A rather cultured direct drive turntable from German outfit STST, Paul Rigby reviews the Motus II
We’ve been trained to hear the words ‘direct drive’ and then to, Pavlov-like, shout back, “Technics!” But there is more to Direct Drive than Technics and more ways of implementing that technology.
The Motus II from German company STST offers one such alternative. It uses a low torque approach, unlike the Technics’ typical high-torque DJ system. Low torque is a good thing for audiophiles. High torque might be a great DJ tool as it pushes the platter up from 0-60 in a microsecond and risks a speeding ticket in the process but it also means that all kinds of excess energy is created in the process. You force a platter to hit operating speeds in such a short time and you have to pump a heap of power into the entire area. That energy, once it has done the job, has then got to go somewhere and that somewhere is the platter. This is a bad move. It gets in the way of the sensitive cartridge, dulling the sound.
Also, the downside of the direct drive technology – extra vibrations from the motor situated right underneath the platter – is minimised within the STST by that low torque. The high density platter helps here because of its built-in high inertia (turn off this turntable at the end of a session and platter keeps going…and going…). Hence, a lot of the inherent direct drive sonic issues should not be present in the Motus II. We’ll see.
The rocker switch for that motor, incidentally, is hidden under the front edge of the plinth, maintaining the clean lines of the overall chassis design.
The Motus II is a deceptive design. On the face of it, the deck looks almost minimal, strong, meaty, sturdy yet stripped of frippery and fancy. It looks like a tool to do a job and no more (you can buy the plinth in a variety of finishes, incidentally). But then, the internal, 3-point suspension system reveals all.
Inside the Motus II, you’ll find an inverted bearing with an in-house designed motor, mounted on a composite sub-chassis. This in turn is carried on three tension springs. Additional brass weights counter the mass of the tonearm so that the suspension can be centred on the position of the main bearing.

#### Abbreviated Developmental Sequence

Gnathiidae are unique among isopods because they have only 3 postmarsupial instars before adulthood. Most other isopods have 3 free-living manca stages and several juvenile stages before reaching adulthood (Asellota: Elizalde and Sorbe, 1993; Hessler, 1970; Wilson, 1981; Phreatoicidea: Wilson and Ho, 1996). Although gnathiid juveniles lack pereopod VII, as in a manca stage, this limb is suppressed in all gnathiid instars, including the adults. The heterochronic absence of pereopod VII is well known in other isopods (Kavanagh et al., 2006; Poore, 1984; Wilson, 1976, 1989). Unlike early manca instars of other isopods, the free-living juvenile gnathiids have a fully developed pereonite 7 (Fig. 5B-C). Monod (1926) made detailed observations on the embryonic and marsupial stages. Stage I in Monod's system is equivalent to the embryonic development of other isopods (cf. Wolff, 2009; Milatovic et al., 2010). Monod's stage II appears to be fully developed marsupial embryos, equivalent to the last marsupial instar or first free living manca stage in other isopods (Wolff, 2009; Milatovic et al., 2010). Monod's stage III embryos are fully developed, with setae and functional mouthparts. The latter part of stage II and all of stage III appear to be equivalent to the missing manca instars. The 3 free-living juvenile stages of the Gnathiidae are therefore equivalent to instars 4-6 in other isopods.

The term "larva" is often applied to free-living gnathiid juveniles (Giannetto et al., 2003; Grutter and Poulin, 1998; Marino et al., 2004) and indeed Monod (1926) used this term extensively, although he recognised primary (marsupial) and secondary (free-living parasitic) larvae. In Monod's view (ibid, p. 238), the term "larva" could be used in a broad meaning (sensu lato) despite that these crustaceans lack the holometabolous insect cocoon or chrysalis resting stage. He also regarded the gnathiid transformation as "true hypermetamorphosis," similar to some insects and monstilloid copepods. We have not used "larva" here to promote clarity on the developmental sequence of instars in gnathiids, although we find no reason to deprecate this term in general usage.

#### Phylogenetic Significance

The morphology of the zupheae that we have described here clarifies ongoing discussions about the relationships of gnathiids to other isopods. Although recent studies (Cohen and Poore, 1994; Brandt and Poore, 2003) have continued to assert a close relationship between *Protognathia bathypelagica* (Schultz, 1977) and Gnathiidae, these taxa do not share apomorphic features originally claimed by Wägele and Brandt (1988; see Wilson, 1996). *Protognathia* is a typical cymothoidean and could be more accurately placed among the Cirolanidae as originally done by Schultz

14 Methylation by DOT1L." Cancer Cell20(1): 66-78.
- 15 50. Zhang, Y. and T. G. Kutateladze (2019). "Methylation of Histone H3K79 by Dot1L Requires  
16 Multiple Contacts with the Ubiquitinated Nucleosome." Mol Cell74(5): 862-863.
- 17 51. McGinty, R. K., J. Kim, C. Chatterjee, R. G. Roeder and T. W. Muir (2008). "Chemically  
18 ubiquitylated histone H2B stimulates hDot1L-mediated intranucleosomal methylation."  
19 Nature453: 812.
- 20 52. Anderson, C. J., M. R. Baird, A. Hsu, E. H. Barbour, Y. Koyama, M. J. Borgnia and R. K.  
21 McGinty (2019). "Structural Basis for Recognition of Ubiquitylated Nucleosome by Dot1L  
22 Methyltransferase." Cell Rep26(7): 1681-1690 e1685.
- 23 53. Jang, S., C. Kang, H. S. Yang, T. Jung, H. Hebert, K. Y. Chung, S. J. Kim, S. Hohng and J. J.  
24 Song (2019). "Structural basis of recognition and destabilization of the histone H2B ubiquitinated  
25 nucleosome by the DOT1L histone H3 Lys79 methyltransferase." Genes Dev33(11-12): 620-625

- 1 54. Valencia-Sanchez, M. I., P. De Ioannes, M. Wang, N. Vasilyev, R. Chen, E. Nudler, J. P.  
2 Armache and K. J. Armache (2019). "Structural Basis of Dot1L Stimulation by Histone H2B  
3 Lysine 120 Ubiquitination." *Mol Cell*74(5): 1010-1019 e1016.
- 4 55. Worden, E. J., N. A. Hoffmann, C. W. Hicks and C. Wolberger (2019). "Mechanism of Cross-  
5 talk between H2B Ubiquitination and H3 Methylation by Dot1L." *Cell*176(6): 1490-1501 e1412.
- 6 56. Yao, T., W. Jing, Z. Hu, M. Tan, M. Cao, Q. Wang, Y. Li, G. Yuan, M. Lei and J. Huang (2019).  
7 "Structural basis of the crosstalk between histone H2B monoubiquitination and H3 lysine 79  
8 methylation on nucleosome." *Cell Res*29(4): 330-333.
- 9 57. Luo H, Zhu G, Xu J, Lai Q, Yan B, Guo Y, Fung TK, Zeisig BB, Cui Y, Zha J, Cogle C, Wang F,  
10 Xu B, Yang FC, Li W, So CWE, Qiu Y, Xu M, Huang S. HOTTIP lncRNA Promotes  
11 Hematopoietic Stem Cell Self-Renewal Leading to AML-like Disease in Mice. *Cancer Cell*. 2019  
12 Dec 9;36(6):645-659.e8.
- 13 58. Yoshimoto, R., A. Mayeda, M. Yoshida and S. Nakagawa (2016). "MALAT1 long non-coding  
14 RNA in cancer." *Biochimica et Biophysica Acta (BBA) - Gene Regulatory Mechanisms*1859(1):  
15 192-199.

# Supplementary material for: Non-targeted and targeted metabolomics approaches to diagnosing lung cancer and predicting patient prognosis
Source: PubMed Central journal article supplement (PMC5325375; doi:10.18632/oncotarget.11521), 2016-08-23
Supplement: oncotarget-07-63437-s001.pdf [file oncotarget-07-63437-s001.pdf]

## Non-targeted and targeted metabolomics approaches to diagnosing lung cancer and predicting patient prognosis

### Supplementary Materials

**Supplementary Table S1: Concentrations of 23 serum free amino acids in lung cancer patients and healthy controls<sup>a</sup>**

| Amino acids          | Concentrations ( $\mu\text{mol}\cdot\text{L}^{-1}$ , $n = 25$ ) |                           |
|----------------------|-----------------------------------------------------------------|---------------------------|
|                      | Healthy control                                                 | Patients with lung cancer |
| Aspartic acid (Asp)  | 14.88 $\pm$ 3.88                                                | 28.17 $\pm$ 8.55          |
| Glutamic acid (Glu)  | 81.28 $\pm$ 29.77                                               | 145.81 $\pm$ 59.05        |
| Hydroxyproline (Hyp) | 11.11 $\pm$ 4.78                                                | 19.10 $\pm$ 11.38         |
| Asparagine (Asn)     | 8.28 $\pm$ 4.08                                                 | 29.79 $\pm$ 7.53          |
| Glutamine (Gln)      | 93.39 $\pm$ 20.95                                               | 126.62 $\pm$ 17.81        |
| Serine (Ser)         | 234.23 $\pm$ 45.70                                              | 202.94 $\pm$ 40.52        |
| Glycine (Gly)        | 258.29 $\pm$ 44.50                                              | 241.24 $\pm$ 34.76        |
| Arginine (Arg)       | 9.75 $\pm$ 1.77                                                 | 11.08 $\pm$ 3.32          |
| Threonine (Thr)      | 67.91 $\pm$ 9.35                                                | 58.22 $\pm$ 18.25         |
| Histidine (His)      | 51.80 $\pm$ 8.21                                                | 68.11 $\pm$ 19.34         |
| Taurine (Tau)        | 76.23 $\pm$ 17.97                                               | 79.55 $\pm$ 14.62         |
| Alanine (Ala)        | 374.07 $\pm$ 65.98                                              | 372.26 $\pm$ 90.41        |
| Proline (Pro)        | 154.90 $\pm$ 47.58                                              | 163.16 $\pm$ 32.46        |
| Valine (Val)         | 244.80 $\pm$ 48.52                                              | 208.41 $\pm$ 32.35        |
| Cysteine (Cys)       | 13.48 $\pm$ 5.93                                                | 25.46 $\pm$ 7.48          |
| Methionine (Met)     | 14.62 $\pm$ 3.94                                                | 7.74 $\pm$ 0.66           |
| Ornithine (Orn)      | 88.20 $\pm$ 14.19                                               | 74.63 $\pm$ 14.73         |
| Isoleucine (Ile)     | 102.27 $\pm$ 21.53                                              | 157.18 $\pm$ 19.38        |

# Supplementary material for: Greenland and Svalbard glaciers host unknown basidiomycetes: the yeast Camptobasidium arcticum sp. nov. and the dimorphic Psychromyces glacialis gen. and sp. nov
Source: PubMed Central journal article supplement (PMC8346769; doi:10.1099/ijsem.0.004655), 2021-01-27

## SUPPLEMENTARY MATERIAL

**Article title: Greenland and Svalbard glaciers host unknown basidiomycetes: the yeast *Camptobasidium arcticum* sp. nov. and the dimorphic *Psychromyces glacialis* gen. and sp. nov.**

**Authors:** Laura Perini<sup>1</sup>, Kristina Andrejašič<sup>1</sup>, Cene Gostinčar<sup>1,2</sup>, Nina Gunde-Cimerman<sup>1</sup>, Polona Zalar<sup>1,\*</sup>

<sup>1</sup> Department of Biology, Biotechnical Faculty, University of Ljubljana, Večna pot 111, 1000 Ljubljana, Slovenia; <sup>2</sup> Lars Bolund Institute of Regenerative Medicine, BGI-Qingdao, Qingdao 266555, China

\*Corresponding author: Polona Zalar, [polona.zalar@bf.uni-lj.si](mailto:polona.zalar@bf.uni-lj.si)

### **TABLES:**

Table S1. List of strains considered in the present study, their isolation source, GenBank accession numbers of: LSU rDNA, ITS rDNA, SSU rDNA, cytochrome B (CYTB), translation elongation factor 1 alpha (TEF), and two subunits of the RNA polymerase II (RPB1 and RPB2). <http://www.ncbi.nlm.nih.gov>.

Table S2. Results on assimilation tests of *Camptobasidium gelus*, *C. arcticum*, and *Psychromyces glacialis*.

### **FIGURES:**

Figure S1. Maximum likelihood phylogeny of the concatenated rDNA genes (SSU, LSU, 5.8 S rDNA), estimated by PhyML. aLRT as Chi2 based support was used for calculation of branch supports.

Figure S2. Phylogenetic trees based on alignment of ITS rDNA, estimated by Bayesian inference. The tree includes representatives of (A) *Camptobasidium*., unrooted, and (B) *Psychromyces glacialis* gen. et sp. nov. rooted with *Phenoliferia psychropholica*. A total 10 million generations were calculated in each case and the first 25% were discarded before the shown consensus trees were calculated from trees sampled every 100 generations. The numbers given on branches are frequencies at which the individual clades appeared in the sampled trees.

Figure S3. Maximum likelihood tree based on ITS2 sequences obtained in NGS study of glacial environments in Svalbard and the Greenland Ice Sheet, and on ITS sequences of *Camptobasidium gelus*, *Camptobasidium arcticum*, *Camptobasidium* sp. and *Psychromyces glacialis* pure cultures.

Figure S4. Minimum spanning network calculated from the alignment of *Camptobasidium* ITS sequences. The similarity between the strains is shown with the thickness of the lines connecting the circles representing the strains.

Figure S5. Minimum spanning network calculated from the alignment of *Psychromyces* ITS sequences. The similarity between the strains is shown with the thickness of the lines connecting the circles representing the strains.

Each of the three tension springs can be damped via an additional adjustable leaf spring so that the suspension’s behaviour can return to rest quite promptly without compromising the isolation of the suspension system.
Hence, this complex bit of engineering, fixed to the base of the plinth, that you can see in the above image is movable, it can be pushed down with your hand if you fancy, the springs will return the unit back to its original position.
“Unlike conventionally suspended decks,” explained UK distributor, Guy Sergeant, “having the motor on the sub-chassis means that there’s no tendency for the usual remote motor and belt arrangement to pull the suspended mass around in opposition to the variable drag exerted by the stylus in the groove.”
The turntable works well, apparently with arms from SME, Alphason and Fidelity Research but I tested the turntable with the STST Vertex. The Vertex tonearm can be bought as 9″, 10″ or 12″ design (each is offered at the same price). It features a large diameter, stiff carbon fibre tube with POM (polyoxymethylene – otherwise known as Delrin) utilised throughout. The only significant pieces of metal within the structure are the counterweight and the shaft it sits on. The tonearm is mounted on a POM armboard which may be rotated to achieve the correct spindle to pivot distance and allow for optimal geometry for the cartridge. The platter, weighing in at 6kg, is also made from POM. A ‘dead’ substance offering zero ringing.
During the review, I used an Etsuro Urushi cartridge which will soon be reviewed separately but I wanted to use it here too. It comes from the Japanese Excel Sound Corporation who have been manufacturing cartridges for other brands for over 30 years. Recently they’ve been making the well regarded Hana range but the EU is their assault on the high end. It features a synthetic sapphire mounting plate, sapphire body parts to carry the generator, silver wired coils and a sapphire cantilever plus high quality fine line tip. The body is handled by Urushi lacquering specialists Etsuro.